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Depth and detail - with no sides taken
hafeez-226 January 2006
This movie relates more than just a story of "Vengeance". Besides proving that killing begets killing - it consists of numerous fine details that reveal the hard work done at getting to the depth of things:

For instance, only characters that get shot in the head slump to the ground. The rest take time to die - they walk a few steps, spurt blood and express a look of helplessness and inevitability before going out. Yes its horrifying to look at, which is the point, but it is also real.

Every character is different, and though common in their desire for vengeance, their temperaments are clearly distinguishable in the way the hit men approach their task. Even the terrorists are not stereotyped into hysterical, screaming lunatics. They range from the visibly nervous to the cool Abu Salameh with the movie star style. They are poets, intellectuals and guerrillas each with his story of the conflict. They speak passionately about home - a recurring theme, along with "family". Moreover, Spielberg does not attempt to mitigate the grotesque manner of their deaths, for the blood of the targeted men flows as freely as that of their victims - and when they are blown up, their body parts dangle from ceiling fans. You are not here to feel satisfaction over anyone's death, Spielberg says to the audience. Or as Caine would say in Kung Fu: "The taking of a life does no one honour."

There are no easy "shoot-em-dead" eliminations. There are neighbors, bystanders and obstacles that must be avoided and protected - with variable success. Innocent people may be harmed - and one has to live with that.

There are no mathematical certainties about the potential damage a bomb will cause.

Perspectives and convictions can change, sometimes regrettably. "Don't think about it - just do it" says Avner at one stage when a member of the team expresses doubts about a target's guilt. But at the end he wants evidence that the men he despatched were justifiably killed. Implausible? No; it is only when he has been reunited with his family and experiences the affection of wife and child that he allows himself to reflect from a different perspective - their targets had families too - what if he had killed the wrong men?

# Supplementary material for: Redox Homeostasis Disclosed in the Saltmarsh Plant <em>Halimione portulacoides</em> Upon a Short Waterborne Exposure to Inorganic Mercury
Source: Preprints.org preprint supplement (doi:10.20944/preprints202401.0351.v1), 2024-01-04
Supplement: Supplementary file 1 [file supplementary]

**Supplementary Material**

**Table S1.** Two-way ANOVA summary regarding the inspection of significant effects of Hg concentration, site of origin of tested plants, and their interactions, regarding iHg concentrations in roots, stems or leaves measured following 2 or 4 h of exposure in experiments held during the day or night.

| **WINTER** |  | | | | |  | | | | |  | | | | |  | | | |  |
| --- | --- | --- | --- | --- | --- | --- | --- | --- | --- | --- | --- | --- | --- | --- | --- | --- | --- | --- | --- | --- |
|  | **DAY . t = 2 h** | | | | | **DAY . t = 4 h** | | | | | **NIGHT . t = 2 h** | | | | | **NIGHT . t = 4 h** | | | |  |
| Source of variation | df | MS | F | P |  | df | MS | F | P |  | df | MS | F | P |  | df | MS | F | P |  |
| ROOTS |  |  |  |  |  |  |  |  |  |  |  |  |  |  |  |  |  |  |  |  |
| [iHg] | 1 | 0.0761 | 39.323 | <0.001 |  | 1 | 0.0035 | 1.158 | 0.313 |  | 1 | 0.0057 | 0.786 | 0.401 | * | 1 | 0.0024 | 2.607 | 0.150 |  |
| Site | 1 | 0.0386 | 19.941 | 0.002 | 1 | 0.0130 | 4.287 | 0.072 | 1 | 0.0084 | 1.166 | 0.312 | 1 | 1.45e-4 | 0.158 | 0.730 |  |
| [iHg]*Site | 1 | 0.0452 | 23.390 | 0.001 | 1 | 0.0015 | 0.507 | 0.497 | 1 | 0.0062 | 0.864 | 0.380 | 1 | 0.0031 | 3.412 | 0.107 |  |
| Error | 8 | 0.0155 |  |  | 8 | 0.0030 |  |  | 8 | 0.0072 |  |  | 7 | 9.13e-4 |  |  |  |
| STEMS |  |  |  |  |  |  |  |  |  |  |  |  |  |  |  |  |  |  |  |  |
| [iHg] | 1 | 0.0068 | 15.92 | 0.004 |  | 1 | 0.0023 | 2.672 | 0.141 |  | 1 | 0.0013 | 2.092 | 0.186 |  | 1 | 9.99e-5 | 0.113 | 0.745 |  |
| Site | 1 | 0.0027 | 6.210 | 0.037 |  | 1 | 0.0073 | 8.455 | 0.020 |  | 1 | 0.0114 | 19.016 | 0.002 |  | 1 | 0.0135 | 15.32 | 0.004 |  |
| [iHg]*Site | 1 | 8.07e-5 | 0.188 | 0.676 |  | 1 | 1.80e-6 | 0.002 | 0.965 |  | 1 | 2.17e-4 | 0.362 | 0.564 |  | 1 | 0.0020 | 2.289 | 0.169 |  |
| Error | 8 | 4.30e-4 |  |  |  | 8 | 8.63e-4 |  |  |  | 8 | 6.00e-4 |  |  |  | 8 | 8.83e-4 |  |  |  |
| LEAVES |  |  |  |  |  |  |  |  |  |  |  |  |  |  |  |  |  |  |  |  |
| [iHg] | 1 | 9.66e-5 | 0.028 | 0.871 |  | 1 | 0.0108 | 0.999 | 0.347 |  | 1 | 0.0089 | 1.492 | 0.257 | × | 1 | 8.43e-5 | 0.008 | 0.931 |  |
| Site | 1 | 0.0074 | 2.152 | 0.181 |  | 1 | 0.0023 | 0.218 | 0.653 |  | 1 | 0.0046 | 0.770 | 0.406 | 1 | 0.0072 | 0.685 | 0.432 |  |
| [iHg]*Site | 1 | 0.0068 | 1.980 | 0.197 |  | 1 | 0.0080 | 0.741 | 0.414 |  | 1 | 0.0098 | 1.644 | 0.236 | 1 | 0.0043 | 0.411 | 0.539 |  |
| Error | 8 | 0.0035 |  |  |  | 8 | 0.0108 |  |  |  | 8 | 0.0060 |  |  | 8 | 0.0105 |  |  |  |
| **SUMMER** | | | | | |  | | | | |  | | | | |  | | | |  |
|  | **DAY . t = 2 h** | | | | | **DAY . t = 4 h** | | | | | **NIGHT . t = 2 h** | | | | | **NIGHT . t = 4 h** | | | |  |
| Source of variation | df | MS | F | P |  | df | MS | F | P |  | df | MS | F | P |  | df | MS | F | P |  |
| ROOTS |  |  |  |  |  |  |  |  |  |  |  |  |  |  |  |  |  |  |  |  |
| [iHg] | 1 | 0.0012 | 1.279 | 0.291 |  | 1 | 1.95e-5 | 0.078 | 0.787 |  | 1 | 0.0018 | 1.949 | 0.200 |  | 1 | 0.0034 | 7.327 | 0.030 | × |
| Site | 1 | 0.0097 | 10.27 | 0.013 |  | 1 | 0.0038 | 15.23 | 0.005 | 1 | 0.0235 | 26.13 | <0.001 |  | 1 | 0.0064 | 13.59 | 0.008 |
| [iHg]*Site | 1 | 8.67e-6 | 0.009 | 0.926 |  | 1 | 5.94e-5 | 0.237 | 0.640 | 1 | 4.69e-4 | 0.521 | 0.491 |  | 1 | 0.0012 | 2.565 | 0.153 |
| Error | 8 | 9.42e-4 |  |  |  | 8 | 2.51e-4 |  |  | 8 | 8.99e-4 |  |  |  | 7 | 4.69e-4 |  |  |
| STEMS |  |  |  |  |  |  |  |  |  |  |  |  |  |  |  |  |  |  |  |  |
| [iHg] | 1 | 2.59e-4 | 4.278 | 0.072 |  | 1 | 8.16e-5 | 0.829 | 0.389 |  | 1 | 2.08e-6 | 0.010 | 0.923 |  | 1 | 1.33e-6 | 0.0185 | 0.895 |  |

The paranoia that permeates the world of spies and assassins is built up gradually - to the point where every survivor mistrusts everybody else. One is doomed all one's life to walk with ears strained for following footsteps. The length of the movie creates the right atmosphere for this idea.

The end dissatisfies many because they would like a reassurance, a note of optimistic finality - but Spielberg rightly offers none. It would be dishonest of him to offer a false but comforting illusion.

It is interesting to contrast this movie with "Paradise Now" that has no violence, a modest budget, and views the conflict from the Palestinian camp. Both narrate completely different stories - yet, in their respective ways, both humanize their subjects, defuse myths about glory, and arrive at the same conclusion: "There's no peace at the end of this."
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Justice or Vengeance?
jon.h.ochiai7 January 2006
Gandhi said, "An eye for an eye only makes the whole world blind." What distinguishes justice from vengeance? This echoes throughout Steven Spielberg's "Munich". "Munich" is powerful and perhaps Spielberg's most compelling and thought provoking work. He weaves a tapestry of political and social threads focusing on terrorism and the cost of violence. "Munich" is truly amazing in balancing linear storytelling and horrific acts of violence, demonstrating the impact of the aftermath. Spielberg's "Munich" seen through the eyes of Eric Bana's Avner is a powerful allegory that even in the most just and noble fights against terror we eventually become that which we despise. "Munich" really serves as a reminder. Mossad team leader Avner played by Eric Bana is absolutely riveting as the man who begins this righteous cause only to find that the cost is his soul. Anver asks, "When does it ever end?"

At the 1972 Olympic Games in Munich, Palestinian terrorists brutally murdered the Israeli wrestling team. This political statement was seen around the world and depicted in gory detail by Director Spielberg. Based on the book "Vengeance" by George Jones, the screenplay by Tony Kushner and Eric Roth tells the story of the aftermath of this tragedy. A great Lynn Cohen who plays Prime Minister Golda Meir says, "Every civilization finds it necessary to negotiate compromises with its own values." Poetic words for what follows are a search and destroy mission. The Mossad assembles a team lead by Avner (Bana) to track down and kill with extreme prejudice all those involved in the terrorist action in Munich. 11 names are identified for execution. These executions are also intended to serve as statements. Anver though an inexperienced operative and not an assassin is selected for the covert mission by Ephriam (the great Geoffrey Rush) for being a strong and effective leader of men. The assassin team is composed of Steve (Daniel Craig—the next James Bond), Carl (Ciaran Hinds), Robert (Mathieu Kassovitz), and Hans (Hanns Zischler). They are dissociated from the Mossad, i.e. they technically don't exist.